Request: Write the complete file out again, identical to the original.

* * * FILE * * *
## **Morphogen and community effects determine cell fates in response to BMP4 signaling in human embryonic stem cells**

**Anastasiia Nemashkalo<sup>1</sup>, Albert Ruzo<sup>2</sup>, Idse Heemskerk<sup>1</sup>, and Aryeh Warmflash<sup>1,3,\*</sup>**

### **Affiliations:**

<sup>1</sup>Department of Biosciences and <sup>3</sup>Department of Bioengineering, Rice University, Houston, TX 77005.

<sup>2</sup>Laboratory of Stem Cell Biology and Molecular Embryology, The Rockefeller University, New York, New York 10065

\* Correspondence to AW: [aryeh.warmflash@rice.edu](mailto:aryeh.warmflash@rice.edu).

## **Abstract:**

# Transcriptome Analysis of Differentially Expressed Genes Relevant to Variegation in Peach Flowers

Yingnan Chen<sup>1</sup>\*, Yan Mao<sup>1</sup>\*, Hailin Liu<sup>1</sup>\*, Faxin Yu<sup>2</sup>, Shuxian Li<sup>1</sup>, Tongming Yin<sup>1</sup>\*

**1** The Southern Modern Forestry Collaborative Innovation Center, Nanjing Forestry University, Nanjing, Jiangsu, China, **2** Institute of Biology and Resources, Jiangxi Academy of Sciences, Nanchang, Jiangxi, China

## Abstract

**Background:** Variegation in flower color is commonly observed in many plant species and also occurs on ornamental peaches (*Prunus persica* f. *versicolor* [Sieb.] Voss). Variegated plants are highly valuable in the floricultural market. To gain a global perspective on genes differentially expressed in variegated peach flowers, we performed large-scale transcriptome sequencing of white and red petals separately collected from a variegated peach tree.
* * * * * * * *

## **Morphogen and community effects determine cell fates in response to BMP4 signaling in human embryonic stem cells**

**Anastasiia Nemashkalo<sup>1</sup>, Albert Ruzo<sup>2</sup>, Idse Heemskerk<sup>1</sup>, and Aryeh Warmflash<sup>1,3,\*</sup>**

### **Affiliations:**

<sup>1</sup>Department of Biosciences and <sup>3</sup>Department of Bioengineering, Rice University, Houston, TX 77005.

<sup>2</sup>Laboratory of Stem Cell Biology and Molecular Embryology, The Rockefeller University, New York, New York 10065

\* Correspondence to AW: [aryeh.warmflash@rice.edu](mailto:aryeh.warmflash@rice.edu).

## **Abstract:**

# Transcriptome Analysis of Differentially Expressed Genes Relevant to Variegation in Peach Flowers

Yingnan Chen<sup>1</sup>\*, Yan Mao<sup>1</sup>\*, Hailin Liu<sup>1</sup>\*, Faxin Yu<sup>2</sup>, Shuxian Li<sup>1</sup>, Tongming Yin<sup>1</sup>\*

**1** The Southern Modern Forestry Collaborative Innovation Center, Nanjing Forestry University, Nanjing, Jiangsu, China, **2** Institute of Biology and Resources, Jiangxi Academy of Sciences, Nanchang, Jiangxi, China

## Abstract

**Background:** Variegation in flower color is commonly observed in many plant species and also occurs on ornamental peaches (*Prunus persica* f. *versicolor* [Sieb.] Voss). Variegated plants are highly valuable in the floricultural market. To gain a global perspective on genes differentially expressed in variegated peach flowers, we performed large-scale transcriptome sequencing of white and red petals separately collected from a variegated peach tree.